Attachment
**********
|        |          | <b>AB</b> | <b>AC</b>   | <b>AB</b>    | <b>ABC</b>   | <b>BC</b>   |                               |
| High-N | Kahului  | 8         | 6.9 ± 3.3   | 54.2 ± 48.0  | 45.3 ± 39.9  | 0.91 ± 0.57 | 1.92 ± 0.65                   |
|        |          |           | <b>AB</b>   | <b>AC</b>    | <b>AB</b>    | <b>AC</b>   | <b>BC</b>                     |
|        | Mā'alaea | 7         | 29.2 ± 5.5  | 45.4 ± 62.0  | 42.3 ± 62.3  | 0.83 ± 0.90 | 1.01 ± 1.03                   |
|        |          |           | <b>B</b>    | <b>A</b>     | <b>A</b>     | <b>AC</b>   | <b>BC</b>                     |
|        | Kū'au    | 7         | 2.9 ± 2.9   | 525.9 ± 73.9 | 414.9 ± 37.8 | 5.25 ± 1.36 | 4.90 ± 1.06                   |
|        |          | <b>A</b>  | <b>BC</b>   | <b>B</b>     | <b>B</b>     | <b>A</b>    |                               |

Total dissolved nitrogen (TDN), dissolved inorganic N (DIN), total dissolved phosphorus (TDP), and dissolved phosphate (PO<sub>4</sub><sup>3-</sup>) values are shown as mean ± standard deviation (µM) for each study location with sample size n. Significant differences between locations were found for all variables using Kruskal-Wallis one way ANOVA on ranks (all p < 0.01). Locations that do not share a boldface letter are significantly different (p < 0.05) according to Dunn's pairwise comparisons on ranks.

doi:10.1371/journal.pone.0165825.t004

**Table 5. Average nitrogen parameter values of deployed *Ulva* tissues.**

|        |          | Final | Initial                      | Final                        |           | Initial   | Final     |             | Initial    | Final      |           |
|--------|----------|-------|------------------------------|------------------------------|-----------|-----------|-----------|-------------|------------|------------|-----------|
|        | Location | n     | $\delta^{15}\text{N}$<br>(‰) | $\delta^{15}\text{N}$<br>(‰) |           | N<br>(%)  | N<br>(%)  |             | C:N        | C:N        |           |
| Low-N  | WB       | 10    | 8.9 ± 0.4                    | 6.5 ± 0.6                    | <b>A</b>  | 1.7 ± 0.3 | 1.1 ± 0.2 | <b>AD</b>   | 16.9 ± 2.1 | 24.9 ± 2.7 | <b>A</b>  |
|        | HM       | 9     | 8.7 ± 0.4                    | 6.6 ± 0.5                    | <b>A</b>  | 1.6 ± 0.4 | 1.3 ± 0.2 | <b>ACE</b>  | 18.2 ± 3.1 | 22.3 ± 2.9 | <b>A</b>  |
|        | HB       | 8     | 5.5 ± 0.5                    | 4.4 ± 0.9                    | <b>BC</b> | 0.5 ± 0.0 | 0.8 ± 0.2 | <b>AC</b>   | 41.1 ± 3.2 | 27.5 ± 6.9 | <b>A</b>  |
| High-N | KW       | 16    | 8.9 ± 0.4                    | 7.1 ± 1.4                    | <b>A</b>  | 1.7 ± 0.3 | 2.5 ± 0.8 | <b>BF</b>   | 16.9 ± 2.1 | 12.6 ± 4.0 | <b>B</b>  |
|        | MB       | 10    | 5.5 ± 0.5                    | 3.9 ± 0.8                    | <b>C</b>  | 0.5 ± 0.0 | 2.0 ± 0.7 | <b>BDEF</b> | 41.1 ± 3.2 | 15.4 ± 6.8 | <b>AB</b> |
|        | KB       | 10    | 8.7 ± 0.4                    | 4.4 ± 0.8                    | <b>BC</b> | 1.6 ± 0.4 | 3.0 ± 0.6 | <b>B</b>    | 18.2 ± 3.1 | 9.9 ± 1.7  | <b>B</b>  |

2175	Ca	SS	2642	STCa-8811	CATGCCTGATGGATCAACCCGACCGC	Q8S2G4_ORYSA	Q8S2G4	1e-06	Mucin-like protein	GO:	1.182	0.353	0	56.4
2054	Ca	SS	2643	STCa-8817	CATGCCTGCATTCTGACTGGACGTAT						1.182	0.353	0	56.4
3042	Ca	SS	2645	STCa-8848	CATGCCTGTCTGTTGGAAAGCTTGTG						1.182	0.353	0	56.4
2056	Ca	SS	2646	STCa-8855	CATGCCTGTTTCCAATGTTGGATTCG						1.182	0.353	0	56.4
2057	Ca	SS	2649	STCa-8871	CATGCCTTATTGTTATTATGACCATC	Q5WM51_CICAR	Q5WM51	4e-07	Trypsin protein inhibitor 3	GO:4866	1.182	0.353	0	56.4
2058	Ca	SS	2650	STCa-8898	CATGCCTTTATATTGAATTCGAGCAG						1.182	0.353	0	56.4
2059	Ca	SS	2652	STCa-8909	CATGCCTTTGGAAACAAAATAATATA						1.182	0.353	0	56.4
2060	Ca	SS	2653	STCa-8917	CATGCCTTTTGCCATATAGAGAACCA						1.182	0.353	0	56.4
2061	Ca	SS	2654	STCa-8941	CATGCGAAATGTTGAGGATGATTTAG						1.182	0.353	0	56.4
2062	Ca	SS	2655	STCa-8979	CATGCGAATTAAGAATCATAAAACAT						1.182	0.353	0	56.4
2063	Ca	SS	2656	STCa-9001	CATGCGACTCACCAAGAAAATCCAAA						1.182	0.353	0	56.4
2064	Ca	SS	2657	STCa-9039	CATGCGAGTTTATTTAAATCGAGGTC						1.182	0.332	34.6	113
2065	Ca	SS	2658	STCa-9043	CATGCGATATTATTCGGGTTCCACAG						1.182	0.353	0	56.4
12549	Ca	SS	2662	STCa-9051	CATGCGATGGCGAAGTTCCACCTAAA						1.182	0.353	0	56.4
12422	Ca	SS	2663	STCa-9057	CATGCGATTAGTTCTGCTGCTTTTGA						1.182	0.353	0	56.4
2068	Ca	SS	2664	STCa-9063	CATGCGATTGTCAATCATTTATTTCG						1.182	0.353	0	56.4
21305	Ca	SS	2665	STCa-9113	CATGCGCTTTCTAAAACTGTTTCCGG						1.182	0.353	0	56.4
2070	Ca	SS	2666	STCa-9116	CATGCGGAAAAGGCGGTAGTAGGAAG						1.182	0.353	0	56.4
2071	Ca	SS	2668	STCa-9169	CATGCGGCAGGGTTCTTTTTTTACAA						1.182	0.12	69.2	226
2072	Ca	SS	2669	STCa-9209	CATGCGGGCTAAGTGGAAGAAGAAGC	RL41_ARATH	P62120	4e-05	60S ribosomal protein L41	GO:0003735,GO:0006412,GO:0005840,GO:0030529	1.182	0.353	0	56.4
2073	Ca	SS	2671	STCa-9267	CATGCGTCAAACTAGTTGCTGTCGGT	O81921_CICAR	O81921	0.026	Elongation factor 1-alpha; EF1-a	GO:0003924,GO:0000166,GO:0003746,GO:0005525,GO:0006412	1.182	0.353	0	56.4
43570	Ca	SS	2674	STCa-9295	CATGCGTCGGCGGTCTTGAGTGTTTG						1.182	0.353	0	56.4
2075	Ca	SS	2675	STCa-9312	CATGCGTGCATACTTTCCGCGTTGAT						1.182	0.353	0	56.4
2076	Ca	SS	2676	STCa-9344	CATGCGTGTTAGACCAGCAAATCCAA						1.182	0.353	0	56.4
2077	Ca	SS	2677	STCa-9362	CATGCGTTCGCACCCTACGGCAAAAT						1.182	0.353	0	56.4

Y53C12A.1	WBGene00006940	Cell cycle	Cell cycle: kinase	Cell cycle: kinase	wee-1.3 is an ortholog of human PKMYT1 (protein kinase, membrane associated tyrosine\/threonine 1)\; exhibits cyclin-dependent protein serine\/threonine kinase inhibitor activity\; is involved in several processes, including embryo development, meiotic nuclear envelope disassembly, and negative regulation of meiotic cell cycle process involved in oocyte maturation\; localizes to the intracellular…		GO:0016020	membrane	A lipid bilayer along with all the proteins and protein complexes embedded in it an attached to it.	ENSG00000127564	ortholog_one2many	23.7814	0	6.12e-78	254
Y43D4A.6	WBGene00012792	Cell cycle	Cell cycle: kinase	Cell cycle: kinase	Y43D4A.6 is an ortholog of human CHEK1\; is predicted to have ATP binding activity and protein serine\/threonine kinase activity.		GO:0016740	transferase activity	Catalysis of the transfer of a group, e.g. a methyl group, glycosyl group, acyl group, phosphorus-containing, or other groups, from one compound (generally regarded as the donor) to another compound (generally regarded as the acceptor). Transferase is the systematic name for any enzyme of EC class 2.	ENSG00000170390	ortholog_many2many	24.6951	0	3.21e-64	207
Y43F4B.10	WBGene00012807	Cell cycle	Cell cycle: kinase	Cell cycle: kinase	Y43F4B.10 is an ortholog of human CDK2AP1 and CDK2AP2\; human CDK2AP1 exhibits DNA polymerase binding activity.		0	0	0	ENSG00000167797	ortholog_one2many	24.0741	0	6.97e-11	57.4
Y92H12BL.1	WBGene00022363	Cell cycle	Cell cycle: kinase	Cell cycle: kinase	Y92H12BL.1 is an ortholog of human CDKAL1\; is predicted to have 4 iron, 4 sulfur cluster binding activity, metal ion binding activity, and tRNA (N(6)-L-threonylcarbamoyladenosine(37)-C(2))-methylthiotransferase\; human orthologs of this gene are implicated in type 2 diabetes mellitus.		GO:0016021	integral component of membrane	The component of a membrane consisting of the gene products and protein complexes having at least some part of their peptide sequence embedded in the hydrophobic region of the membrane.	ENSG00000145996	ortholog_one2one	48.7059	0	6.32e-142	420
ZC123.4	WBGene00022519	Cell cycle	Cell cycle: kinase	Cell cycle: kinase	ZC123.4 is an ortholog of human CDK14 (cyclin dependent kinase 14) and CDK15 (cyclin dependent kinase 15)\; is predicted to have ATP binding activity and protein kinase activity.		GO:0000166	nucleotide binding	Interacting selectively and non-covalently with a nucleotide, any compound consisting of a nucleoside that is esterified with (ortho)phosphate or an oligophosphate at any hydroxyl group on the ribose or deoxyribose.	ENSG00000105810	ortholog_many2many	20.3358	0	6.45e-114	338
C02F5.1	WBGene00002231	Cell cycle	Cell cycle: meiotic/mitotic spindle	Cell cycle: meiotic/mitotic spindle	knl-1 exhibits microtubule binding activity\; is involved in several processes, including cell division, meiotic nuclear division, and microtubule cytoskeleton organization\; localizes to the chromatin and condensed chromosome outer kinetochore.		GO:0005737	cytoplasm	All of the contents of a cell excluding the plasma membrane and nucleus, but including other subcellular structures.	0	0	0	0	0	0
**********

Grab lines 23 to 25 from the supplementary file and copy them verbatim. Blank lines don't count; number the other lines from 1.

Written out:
2056	Ca	SS	2646	STCa-8855	CATGCCTGTTTCCAATGTTGGATTCG						1.182	0.353	0	56.4
2057	Ca	SS	2649	STCa-8871	CATGCCTTATTGTTATTATGACCATC	Q5WM51_CICAR	Q5WM51	4e-07	Trypsin protein inhibitor 3	GO:4866	1.182	0.353	0	56.4
2058	Ca	SS	2650	STCa-8898	CATGCCTTTATATTGAATTCGAGCAG						1.182	0.353	0	56.4